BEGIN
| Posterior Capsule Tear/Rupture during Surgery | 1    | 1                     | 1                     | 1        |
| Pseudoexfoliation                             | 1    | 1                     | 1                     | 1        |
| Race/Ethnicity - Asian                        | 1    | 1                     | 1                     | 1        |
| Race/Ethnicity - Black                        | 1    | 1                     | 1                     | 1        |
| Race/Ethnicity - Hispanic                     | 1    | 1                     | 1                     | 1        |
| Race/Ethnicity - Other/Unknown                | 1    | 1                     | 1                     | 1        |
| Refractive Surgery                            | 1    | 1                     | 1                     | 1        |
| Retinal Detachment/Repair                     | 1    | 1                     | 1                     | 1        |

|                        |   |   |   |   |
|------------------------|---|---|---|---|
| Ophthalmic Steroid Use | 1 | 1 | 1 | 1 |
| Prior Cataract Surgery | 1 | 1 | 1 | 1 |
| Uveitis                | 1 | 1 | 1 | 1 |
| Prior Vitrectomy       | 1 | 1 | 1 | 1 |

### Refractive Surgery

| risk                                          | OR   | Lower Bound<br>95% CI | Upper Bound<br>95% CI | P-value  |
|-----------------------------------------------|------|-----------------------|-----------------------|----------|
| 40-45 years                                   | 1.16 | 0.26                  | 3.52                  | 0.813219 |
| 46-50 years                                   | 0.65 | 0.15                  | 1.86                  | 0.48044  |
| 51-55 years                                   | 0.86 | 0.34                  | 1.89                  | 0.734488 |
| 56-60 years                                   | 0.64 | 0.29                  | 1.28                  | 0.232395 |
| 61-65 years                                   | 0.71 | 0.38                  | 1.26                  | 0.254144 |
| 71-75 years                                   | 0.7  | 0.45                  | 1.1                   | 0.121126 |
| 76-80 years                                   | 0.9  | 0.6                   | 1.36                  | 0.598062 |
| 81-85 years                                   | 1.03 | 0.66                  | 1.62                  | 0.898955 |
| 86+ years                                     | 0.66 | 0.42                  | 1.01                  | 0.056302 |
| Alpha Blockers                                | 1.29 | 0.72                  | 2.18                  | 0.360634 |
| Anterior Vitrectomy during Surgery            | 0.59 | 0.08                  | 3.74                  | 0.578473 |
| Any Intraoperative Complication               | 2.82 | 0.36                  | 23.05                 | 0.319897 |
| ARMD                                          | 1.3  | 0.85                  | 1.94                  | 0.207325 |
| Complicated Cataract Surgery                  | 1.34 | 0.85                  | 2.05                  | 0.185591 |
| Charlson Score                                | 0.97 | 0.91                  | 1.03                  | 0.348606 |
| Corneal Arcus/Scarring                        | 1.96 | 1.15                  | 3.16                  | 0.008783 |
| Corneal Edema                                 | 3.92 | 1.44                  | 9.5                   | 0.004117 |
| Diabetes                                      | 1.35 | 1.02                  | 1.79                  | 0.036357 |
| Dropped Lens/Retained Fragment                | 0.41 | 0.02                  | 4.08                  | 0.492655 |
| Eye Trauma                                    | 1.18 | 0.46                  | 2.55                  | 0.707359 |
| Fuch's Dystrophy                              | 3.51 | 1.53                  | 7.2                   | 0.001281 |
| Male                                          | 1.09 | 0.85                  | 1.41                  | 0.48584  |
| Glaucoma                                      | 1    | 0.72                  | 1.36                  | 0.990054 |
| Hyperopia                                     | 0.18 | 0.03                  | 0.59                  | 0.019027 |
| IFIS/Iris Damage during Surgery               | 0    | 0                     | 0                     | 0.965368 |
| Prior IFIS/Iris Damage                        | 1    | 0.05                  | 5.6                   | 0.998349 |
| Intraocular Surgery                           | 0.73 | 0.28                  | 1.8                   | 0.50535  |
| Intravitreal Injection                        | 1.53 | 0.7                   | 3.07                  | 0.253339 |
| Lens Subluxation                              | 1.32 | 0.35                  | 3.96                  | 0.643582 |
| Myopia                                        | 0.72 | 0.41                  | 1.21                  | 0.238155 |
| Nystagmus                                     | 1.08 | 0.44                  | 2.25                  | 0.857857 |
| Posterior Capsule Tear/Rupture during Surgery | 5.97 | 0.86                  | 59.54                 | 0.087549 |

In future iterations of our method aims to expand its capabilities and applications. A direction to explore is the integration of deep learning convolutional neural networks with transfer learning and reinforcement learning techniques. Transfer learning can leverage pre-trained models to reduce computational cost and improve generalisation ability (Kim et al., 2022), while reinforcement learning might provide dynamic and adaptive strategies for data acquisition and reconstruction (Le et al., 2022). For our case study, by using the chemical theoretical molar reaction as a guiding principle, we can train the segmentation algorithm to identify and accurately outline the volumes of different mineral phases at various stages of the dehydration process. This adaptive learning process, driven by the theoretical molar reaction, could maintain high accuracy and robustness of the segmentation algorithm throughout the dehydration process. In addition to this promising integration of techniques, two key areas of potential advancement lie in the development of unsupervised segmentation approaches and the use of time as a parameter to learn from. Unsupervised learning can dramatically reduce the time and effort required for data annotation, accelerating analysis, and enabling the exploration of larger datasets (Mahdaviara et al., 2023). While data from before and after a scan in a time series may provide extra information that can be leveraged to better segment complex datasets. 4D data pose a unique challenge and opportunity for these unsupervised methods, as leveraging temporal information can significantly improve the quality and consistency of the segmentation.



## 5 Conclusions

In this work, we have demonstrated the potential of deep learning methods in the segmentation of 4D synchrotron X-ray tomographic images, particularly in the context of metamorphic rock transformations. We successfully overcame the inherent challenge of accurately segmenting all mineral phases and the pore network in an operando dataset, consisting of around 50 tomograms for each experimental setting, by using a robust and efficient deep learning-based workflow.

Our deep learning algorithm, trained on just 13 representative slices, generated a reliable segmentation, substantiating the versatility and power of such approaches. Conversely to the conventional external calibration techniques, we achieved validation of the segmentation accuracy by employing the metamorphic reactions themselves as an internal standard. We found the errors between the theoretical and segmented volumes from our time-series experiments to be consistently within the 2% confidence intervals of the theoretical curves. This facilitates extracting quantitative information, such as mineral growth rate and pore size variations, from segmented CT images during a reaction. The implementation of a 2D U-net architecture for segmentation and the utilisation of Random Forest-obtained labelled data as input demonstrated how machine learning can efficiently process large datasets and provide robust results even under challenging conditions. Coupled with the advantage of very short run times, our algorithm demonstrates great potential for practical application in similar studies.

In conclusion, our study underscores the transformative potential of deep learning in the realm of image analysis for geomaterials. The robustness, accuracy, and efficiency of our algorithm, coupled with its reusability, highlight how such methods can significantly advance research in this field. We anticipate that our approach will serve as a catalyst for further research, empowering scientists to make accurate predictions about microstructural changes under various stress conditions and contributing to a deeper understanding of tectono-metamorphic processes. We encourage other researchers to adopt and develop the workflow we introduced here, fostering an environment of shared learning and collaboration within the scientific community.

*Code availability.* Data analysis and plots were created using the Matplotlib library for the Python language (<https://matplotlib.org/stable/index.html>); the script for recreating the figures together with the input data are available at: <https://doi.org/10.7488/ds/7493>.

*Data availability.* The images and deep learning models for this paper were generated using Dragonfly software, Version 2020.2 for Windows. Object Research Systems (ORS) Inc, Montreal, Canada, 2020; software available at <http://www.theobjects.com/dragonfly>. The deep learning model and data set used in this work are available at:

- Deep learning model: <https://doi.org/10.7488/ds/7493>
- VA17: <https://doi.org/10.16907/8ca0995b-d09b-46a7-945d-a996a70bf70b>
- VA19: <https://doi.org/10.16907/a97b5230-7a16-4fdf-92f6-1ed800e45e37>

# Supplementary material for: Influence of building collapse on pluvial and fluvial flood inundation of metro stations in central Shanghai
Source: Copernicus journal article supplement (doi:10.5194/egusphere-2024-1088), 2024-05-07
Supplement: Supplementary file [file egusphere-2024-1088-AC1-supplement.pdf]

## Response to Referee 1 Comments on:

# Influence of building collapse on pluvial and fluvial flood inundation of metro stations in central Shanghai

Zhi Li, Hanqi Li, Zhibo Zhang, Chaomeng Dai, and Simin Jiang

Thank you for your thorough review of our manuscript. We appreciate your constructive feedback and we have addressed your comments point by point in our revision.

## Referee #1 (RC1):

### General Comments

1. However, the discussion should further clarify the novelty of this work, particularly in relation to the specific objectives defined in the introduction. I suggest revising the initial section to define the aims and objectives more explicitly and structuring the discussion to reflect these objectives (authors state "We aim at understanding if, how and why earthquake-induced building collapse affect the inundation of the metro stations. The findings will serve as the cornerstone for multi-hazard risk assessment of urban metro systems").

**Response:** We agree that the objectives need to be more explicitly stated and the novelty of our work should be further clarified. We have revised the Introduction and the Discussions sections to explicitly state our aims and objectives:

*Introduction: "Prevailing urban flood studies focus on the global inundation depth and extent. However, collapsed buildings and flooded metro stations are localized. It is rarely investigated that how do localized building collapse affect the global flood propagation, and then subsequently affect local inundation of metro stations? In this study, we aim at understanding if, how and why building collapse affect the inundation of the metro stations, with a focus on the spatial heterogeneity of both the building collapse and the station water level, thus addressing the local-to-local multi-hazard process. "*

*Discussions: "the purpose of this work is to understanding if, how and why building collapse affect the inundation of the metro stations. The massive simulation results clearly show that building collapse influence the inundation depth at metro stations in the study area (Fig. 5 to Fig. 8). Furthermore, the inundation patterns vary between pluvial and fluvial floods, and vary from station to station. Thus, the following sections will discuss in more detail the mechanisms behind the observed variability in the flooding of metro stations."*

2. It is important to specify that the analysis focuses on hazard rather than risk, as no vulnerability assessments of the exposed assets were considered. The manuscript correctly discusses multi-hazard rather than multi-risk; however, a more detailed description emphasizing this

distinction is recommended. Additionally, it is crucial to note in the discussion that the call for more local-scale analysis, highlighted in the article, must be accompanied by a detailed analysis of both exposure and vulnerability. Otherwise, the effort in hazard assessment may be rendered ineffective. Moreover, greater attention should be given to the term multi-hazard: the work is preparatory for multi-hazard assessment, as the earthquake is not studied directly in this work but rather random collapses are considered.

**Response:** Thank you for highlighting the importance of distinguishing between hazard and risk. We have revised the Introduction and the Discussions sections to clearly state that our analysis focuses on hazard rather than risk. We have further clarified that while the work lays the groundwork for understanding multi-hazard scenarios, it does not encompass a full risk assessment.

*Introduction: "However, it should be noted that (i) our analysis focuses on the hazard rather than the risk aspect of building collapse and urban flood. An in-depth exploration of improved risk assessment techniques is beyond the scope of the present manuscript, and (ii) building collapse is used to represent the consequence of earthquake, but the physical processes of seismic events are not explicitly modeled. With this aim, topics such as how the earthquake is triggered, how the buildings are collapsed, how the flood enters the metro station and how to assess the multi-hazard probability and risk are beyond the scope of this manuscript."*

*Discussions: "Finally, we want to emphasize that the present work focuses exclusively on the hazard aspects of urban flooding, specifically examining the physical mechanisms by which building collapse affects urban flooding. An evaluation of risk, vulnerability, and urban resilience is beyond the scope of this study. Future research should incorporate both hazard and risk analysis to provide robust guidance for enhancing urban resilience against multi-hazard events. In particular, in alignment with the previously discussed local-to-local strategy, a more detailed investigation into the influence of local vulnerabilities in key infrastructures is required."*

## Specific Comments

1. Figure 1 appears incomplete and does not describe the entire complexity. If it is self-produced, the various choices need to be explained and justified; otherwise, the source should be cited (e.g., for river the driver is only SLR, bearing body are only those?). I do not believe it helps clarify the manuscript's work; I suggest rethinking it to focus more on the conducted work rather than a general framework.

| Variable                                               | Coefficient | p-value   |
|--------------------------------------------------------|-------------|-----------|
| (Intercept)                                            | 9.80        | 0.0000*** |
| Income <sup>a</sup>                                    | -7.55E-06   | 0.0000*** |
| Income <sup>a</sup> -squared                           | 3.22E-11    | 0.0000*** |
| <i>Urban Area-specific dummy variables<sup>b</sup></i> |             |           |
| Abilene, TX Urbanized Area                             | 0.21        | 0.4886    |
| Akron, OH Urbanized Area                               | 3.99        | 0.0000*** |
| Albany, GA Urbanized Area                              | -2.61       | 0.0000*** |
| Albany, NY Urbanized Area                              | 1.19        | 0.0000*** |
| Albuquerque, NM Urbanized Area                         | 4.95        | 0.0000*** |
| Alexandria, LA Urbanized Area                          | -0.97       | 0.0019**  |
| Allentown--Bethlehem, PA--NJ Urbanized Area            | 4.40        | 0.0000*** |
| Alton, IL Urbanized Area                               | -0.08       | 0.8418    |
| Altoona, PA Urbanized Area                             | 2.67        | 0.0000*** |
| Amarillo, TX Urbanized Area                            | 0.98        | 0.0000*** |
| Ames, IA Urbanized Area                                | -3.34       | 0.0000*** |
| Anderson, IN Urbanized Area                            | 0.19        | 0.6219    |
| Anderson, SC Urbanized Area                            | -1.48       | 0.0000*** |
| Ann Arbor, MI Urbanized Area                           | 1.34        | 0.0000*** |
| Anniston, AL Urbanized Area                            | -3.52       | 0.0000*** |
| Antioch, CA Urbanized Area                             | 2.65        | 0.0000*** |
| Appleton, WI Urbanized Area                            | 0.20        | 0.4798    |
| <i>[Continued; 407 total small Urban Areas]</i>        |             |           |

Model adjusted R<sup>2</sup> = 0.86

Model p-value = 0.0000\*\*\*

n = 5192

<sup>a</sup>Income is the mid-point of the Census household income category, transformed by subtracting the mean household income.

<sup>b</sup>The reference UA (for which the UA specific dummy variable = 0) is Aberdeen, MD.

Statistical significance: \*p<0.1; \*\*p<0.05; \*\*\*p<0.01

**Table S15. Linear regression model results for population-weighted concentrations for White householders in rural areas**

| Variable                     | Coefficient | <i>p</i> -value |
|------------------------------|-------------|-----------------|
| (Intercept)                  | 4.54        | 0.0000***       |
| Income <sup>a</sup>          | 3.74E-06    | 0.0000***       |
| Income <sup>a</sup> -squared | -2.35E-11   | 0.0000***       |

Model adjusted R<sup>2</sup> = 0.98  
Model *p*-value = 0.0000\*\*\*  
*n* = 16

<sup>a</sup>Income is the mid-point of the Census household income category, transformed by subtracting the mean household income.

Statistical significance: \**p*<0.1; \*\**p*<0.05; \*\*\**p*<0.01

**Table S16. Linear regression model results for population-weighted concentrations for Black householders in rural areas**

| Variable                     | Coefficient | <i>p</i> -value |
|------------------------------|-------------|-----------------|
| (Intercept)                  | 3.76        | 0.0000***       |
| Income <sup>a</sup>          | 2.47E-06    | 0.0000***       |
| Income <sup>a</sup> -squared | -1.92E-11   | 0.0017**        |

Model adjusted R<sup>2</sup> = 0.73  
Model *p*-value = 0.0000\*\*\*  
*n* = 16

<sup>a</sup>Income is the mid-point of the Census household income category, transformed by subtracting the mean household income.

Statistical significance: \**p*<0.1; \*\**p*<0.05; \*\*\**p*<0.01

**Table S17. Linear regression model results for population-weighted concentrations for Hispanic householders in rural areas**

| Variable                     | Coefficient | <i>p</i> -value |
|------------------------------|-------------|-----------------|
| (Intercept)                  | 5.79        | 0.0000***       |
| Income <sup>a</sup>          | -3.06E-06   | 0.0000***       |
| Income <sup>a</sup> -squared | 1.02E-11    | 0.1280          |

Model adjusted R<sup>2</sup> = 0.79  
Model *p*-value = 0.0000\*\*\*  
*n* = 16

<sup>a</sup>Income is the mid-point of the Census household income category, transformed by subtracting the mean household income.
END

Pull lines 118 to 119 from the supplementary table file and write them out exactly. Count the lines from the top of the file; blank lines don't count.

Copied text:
*n* = 16

<sup>a</sup>Income is the mid-point of the Census household income category, transformed by subtracting the mean household income.